Here, however, the substantive statute involved is as assuredly valid as a statute can be when it must be drafted in the light of the First Amendment. Mishkin v. New York, 1966, 383 U.S. 502, 86 S. Ct. 958, 16 L. Ed. 2d 56; Ginsberg v. New York, 1968, 390 U.S. 629, 88 S. Ct. 1274, 20 L. Ed. 2d 195; People v. G.I. Distributors, Inc., 1967, 20 N.Y.2d 104, 281 N.Y.S.2d 795, 228 N.E.2d 787; see People v. Quentin, Nassau Co. 1968, 58 Misc.2d 601, 296 N.Y.S.2d 443; cf. Redrup v. New York, 1967, 386 U.S. 767, 87 S. Ct. 1414, 18 L. Ed. 2d 515; Rabeck v. New York, 1968, 391 U.S. 462, 88 S. Ct. 1716, 20 L. Ed. 2d 741; People v. Marzano, 3rd Dept. 1968, 31 App.Div.2d 52, 295 N.Y.S.2d 228; People v. Stabile, N.Y.Co.1969, 58 Misc.2d 905, 296 N.Y.S.2d 815. As in the case of books, films may be found to be obscene and therefore unprotected by the First Amendment. Cf. Joseph Burstyn, Inc. v. Wilson, 1952, 343 U.S. 495, 505-506, 72 S. Ct. 777, 96 L. Ed. 1098; Times Film Corporation v. City of Chicago, 1961, 365 U.S. 43, 49-50, 81 S. Ct. 391, 5 L. Ed. 2d 403; Jacobellis v. Ohio, 1964, 378 U.S. 184, 84 S. Ct. 1676, 12 L. Ed. 2d 793; Freedman v. Maryland, 1965, 380 U.S. 51, 85 S. Ct. 734, 13 L. Ed. 2d 649. And, as the cited cases indicate, the nature of films and their exhibition can authorize appropriate adversary procedures for halting in its incipiency an exhibition that will be criminal if it occurs, so long as the procedure provides "adequate safeguards against undue inhibition of protected expression."
It follows that if the present film is found obscene, its exhibition will have been criminal misconduct and punishable if it occurred in the circumstances set out in Section 235.05 and if guilt is adequately proved at a trial. The State, however, must prove its case, and it cannot do so without proving the content of the film. The film, then, could well be both the "property used * * * as the means of committing [an alleged] crime" and the "property constituting evidence of [the alleged] crime," and, for purposes of the present case, it must be assumed that the Criminal Court Justice had probable cause to believe that the film was obscene by the statutory definition and was at the place of search, and that its exhibition was criminal. Cf. Code of Criminal Procedure §§ 792, 793. As the case has been presented, there can be no contention here that the film was such that a magistrate could not constitutionally find that there was no probable cause to believe it obscene. Contrast Redrup v. New York, supra, 386 U.S. at 771, 87 S. Ct. 1414.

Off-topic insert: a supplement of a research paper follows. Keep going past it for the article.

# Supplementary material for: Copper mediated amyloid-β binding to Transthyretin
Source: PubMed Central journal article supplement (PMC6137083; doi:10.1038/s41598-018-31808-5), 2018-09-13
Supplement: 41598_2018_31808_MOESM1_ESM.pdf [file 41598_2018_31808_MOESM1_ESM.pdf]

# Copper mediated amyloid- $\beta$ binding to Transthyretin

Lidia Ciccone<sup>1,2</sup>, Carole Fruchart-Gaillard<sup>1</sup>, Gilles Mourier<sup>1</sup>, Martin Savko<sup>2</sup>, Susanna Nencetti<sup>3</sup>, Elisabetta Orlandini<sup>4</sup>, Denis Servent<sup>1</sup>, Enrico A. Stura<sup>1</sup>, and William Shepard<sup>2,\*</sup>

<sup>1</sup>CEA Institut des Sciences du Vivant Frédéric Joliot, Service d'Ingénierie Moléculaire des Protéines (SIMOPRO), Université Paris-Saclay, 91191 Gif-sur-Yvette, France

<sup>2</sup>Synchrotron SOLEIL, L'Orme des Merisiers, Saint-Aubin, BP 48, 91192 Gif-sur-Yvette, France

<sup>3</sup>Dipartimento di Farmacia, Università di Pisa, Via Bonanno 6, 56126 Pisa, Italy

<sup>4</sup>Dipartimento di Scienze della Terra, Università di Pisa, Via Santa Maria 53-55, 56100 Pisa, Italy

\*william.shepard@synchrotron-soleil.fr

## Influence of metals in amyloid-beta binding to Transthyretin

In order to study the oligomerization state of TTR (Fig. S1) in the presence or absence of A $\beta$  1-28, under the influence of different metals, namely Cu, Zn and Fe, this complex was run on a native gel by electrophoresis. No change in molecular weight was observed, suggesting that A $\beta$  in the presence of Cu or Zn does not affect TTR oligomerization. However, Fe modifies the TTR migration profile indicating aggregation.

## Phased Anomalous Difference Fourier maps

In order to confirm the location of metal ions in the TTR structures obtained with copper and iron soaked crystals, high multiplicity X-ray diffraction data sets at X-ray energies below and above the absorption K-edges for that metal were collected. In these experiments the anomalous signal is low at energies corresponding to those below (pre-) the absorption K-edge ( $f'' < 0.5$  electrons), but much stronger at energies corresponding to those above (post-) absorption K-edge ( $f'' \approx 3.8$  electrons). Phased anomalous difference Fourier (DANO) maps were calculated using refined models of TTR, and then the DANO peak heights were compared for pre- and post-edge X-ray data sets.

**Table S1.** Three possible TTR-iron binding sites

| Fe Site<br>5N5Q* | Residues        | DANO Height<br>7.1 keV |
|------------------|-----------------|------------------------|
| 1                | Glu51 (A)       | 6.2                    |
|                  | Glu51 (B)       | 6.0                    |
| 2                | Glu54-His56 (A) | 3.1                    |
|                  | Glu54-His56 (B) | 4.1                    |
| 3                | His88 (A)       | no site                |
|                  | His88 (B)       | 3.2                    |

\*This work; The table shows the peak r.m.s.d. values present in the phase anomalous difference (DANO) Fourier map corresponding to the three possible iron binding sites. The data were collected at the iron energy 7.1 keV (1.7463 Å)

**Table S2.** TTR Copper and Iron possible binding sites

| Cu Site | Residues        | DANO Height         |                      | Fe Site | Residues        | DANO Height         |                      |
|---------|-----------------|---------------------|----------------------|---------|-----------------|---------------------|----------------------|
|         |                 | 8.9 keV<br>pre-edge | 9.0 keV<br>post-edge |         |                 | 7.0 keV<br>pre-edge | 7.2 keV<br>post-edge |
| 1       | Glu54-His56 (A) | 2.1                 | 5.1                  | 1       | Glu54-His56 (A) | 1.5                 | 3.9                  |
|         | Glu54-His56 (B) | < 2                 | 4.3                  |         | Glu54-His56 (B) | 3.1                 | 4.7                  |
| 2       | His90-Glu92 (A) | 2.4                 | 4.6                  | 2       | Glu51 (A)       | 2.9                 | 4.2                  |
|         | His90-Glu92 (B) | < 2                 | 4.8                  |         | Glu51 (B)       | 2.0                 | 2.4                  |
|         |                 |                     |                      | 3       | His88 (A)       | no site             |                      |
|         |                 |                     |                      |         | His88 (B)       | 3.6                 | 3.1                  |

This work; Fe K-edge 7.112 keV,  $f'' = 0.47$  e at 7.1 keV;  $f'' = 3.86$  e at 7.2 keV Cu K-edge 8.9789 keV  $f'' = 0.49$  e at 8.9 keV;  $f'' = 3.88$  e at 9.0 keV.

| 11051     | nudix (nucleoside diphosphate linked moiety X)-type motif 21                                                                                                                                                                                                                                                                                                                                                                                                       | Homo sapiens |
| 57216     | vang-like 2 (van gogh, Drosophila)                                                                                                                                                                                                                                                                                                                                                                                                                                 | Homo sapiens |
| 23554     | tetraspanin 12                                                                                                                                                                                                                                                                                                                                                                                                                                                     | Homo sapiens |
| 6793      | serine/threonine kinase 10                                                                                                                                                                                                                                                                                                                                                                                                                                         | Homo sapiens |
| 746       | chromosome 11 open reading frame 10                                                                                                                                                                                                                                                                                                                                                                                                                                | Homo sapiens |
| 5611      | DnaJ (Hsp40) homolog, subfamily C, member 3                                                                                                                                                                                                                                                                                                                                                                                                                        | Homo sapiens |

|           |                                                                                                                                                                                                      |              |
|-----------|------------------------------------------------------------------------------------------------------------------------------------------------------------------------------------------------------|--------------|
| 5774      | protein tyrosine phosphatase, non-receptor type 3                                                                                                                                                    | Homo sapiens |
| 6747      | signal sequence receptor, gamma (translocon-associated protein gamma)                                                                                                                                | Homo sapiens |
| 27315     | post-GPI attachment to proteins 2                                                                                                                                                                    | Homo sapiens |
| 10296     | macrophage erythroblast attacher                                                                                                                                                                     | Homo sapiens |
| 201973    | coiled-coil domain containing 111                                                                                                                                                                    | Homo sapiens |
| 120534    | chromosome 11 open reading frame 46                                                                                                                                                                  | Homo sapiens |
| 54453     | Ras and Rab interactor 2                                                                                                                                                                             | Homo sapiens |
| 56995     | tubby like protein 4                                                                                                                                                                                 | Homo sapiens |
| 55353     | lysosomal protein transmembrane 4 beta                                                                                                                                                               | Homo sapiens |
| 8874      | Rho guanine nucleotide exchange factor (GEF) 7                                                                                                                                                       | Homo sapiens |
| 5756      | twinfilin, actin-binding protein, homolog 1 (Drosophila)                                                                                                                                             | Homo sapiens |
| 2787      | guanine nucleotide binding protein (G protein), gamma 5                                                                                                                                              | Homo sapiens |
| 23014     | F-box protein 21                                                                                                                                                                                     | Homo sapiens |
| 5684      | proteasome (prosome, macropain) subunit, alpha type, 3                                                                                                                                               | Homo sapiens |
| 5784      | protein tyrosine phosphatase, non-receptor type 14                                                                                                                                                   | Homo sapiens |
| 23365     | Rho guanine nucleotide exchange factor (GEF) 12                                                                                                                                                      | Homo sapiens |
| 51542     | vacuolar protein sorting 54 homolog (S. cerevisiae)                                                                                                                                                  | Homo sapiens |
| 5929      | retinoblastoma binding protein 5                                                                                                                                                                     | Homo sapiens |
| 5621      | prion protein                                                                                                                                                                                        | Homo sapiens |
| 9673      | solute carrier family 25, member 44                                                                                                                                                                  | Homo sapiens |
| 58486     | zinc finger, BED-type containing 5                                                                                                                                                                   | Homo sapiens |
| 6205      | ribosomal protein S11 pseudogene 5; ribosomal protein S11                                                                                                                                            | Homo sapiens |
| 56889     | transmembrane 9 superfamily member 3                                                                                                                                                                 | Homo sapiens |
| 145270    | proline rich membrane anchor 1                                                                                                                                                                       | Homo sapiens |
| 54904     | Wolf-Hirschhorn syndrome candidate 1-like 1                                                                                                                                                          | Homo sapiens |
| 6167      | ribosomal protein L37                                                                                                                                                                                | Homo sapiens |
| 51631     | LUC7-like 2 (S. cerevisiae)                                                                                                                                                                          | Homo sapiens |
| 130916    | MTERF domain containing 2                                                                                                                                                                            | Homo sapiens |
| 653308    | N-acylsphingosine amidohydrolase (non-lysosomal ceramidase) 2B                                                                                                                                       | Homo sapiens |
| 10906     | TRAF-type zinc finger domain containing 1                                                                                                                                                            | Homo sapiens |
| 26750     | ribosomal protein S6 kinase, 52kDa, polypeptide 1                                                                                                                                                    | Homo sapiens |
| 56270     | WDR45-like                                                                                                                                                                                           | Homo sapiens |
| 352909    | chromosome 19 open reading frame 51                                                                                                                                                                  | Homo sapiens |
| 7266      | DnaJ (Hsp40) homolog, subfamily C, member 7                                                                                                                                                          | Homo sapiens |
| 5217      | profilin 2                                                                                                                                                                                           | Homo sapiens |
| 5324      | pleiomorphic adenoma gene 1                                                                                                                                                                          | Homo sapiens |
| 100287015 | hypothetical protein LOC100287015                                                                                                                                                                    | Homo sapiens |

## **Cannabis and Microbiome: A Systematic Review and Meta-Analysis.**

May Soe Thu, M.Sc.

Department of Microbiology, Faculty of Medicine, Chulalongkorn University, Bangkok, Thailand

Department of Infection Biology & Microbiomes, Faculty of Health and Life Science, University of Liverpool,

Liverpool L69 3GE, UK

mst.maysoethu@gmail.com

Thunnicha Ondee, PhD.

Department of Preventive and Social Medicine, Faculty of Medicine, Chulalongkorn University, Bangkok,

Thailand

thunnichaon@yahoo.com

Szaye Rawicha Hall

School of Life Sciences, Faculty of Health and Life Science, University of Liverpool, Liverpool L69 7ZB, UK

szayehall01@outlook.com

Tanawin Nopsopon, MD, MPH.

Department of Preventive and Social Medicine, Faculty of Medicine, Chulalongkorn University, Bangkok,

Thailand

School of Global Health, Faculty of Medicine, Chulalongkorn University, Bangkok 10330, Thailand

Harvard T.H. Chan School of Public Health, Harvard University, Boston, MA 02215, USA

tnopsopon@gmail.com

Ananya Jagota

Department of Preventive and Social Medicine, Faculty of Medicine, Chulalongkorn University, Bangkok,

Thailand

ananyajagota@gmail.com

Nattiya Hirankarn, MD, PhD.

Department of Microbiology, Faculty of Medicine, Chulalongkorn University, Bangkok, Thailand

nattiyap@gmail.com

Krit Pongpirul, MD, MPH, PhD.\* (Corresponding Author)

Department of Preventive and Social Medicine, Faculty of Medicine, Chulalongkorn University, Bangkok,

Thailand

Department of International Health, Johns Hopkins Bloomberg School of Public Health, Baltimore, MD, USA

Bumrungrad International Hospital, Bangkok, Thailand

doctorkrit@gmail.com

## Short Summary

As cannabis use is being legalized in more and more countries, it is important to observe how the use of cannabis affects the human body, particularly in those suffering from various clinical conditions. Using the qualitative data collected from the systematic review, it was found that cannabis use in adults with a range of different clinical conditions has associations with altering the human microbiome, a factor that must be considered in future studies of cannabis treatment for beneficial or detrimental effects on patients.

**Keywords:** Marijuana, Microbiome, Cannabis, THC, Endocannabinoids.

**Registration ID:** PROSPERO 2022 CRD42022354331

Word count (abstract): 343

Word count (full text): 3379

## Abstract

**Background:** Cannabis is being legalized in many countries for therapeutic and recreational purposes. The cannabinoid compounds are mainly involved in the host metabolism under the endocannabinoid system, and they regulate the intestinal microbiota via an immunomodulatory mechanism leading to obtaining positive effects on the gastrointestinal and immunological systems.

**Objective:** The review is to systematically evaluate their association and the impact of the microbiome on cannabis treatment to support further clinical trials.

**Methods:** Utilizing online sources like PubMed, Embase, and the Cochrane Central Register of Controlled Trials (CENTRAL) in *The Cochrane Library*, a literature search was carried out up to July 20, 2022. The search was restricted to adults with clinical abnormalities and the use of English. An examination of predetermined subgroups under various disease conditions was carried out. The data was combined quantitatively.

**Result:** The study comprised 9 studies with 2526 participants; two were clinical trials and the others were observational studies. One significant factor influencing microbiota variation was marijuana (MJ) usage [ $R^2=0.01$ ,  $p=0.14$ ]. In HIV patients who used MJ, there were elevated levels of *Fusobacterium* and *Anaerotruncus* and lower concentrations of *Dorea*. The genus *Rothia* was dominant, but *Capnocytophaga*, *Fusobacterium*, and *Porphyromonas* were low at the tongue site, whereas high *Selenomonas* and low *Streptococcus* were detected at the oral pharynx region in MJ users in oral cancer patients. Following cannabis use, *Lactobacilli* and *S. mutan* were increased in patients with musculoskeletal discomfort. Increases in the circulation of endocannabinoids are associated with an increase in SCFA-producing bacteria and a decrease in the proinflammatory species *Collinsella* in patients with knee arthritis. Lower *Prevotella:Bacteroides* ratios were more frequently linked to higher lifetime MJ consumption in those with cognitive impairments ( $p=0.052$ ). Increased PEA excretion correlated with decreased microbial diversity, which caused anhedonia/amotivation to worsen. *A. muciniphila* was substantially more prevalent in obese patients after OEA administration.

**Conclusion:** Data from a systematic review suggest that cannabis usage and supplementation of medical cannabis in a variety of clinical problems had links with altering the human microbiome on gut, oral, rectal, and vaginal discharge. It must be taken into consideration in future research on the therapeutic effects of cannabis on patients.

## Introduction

The seizure in this case was the minimum seizure needed to support prosecution of the precise alleged offense. Contrast People v. Rothenberg, supra, 20 N.Y.2d at 39, 281 N.Y.S.2d 316, 228 N.E.2d 379. Its legality flows from the substantive validity of the obscenity statute, and the constitutional validity of the New York search warrant statutes in the generality of the instances of their application. The substantive and the procedural statutes can not be so joined in any particular application that they become an instrument for suppressing constitutionally protected communication, nor can the issue of whether or not they have been so used ever be insulated from appellate and - ultimately - federal scrutiny of the constitutional sufficiency of the evidence of obscenity to establish that the utterance is not entitled to First Amendment protection. But that does not signify that a federal court is authorized to interfere in advance with an orderly state prosecution on the ground that the state may err and the federal authority ought, therefore, to decide the matter in the first instance. Douglas v. City of Jeannette, 1943, 319 U.S. 157, 163-164, 63 S. Ct. 877, 87 L. Ed. 1324; see Dombrowski v. Pfister, 1965, 380 U.S. 479, 484-486, 85 S. Ct. 1116, 14 L. Ed. 2d 22; cf. City of Greenwood, Miss. v. Peacock, 1966, 384 U.S. 808, 828-830, 86 S. Ct. 1800, 16 L. Ed. 2d 944. Jurisdiction, here, is rested on the Civil Rights Act, 42 U.S.C. § 1983, and, indeed, the federal jurisdiction can be invoked to stop a proceeding in the state court only when the very maintenance of, and the proceedings in, the state case are themselves shown, prima facie at least, to constitute an invasion of a constitutionally protected interest. No approach to such a showing is made in the present case.